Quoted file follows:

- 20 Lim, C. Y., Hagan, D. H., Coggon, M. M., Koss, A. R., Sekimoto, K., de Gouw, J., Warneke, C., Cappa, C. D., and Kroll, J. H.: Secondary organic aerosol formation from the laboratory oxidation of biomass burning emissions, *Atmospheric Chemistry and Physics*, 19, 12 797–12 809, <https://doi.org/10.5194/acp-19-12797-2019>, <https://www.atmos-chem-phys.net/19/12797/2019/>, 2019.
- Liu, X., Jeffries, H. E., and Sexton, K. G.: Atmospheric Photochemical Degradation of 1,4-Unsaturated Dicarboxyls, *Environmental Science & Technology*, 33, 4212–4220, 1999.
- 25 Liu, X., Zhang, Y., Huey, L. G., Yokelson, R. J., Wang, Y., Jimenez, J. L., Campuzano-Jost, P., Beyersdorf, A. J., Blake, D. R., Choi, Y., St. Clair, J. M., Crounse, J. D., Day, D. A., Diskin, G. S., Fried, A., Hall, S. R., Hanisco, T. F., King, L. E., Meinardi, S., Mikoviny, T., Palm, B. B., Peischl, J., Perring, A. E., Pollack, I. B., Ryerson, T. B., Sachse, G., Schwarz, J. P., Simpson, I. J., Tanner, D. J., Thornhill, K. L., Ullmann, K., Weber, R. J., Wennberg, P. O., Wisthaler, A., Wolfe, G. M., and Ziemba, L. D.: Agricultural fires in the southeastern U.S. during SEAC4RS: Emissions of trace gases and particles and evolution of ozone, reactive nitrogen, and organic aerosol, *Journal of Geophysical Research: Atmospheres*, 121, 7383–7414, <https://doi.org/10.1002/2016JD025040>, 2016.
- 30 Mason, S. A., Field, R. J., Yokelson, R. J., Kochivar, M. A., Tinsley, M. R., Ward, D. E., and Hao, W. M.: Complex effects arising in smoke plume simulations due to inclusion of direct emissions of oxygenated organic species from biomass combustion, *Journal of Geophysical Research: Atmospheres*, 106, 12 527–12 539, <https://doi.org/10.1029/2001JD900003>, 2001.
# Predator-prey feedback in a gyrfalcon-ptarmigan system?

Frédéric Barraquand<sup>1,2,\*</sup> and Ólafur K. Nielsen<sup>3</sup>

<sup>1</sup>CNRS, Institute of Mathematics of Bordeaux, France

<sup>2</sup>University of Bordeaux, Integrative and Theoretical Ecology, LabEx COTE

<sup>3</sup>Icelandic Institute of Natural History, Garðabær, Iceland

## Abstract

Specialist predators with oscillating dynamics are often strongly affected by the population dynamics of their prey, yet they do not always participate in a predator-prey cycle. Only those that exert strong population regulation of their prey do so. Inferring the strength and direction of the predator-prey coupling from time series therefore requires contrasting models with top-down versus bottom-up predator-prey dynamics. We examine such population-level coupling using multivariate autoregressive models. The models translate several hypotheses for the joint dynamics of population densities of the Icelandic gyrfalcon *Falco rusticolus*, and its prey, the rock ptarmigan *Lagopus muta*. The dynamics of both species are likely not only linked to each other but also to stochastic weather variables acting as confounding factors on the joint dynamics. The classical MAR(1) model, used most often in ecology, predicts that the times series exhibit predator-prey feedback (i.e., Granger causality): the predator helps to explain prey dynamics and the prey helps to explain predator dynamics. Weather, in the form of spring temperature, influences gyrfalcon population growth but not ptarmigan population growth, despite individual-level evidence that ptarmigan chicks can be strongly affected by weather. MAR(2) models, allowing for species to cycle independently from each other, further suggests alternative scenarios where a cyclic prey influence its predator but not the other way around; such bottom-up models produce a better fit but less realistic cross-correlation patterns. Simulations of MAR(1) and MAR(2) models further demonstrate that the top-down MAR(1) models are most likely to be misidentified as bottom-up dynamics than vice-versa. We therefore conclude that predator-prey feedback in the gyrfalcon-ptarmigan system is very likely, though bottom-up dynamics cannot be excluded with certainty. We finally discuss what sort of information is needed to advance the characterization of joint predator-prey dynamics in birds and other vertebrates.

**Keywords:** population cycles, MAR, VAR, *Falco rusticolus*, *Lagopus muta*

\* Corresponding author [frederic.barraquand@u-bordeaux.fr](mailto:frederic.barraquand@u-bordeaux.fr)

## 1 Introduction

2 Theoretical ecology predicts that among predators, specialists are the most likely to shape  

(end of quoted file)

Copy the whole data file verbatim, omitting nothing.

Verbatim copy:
- 20 Lim, C. Y., Hagan, D. H., Coggon, M. M., Koss, A. R., Sekimoto, K., de Gouw, J., Warneke, C., Cappa, C. D., and Kroll, J. H.: Secondary organic aerosol formation from the laboratory oxidation of biomass burning emissions, *Atmospheric Chemistry and Physics*, 19, 12 797–12 809, <https://doi.org/10.5194/acp-19-12797-2019>, <https://www.atmos-chem-phys.net/19/12797/2019/>, 2019.
- Liu, X., Jeffries, H. E., and Sexton, K. G.: Atmospheric Photochemical Degradation of 1,4-Unsaturated Dicarboxyls, *Environmental Science & Technology*, 33, 4212–4220, 1999.
- 25 Liu, X., Zhang, Y., Huey, L. G., Yokelson, R. J., Wang, Y., Jimenez, J. L., Campuzano-Jost, P., Beyersdorf, A. J., Blake, D. R., Choi, Y., St. Clair, J. M., Crounse, J. D., Day, D. A., Diskin, G. S., Fried, A., Hall, S. R., Hanisco, T. F., King, L. E., Meinardi, S., Mikoviny, T., Palm, B. B., Peischl, J., Perring, A. E., Pollack, I. B., Ryerson, T. B., Sachse, G., Schwarz, J. P., Simpson, I. J., Tanner, D. J., Thornhill, K. L., Ullmann, K., Weber, R. J., Wennberg, P. O., Wisthaler, A., Wolfe, G. M., and Ziemba, L. D.: Agricultural fires in the southeastern U.S. during SEAC4RS: Emissions of trace gases and particles and evolution of ozone, reactive nitrogen, and organic aerosol, *Journal of Geophysical Research: Atmospheres*, 121, 7383–7414, <https://doi.org/10.1002/2016JD025040>, 2016.
- 30 Mason, S. A., Field, R. J., Yokelson, R. J., Kochivar, M. A., Tinsley, M. R., Ward, D. E., and Hao, W. M.: Complex effects arising in smoke plume simulations due to inclusion of direct emissions of oxygenated organic species from biomass combustion, *Journal of Geophysical Research: Atmospheres*, 106, 12 527–12 539, <https://doi.org/10.1029/2001JD900003>, 2001.
# Predator-prey feedback in a gyrfalcon-ptarmigan system?

Frédéric Barraquand<sup>1,2,\*</sup> and Ólafur K. Nielsen<sup>3</sup>

<sup>1</sup>CNRS, Institute of Mathematics of Bordeaux, France

<sup>2</sup>University of Bordeaux, Integrative and Theoretical Ecology, LabEx COTE

<sup>3</sup>Icelandic Institute of Natural History, Garðabær, Iceland

## Abstract

Specialist predators with oscillating dynamics are often strongly affected by the population dynamics of their prey, yet they do not always participate in a predator-prey cycle. Only those that exert strong population regulation of their prey do so. Inferring the strength and direction of the predator-prey coupling from time series therefore requires contrasting models with top-down versus bottom-up predator-prey dynamics. We examine such population-level coupling using multivariate autoregressive models. The models translate several hypotheses for the joint dynamics of population densities of the Icelandic gyrfalcon *Falco rusticolus*, and its prey, the rock ptarmigan *Lagopus muta*. The dynamics of both species are likely not only linked to each other but also to stochastic weather variables acting as confounding factors on the joint dynamics. The classical MAR(1) model, used most often in ecology, predicts that the times series exhibit predator-prey feedback (i.e., Granger causality): the predator helps to explain prey dynamics and the prey helps to explain predator dynamics. Weather, in the form of spring temperature, influences gyrfalcon population growth but not ptarmigan population growth, despite individual-level evidence that ptarmigan chicks can be strongly affected by weather. MAR(2) models, allowing for species to cycle independently from each other, further suggests alternative scenarios where a cyclic prey influence its predator but not the other way around; such bottom-up models produce a better fit but less realistic cross-correlation patterns. Simulations of MAR(1) and MAR(2) models further demonstrate that the top-down MAR(1) models are most likely to be misidentified as bottom-up dynamics than vice-versa. We therefore conclude that predator-prey feedback in the gyrfalcon-ptarmigan system is very likely, though bottom-up dynamics cannot be excluded with certainty. We finally discuss what sort of information is needed to advance the characterization of joint predator-prey dynamics in birds and other vertebrates.

**Keywords:** population cycles, MAR, VAR, *Falco rusticolus*, *Lagopus muta*

\* Corresponding author [frederic.barraquand@u-bordeaux.fr](mailto:frederic.barraquand@u-bordeaux.fr)

## 1 Introduction

2 Theoretical ecology predicts that among predators, specialists are the most likely to shape  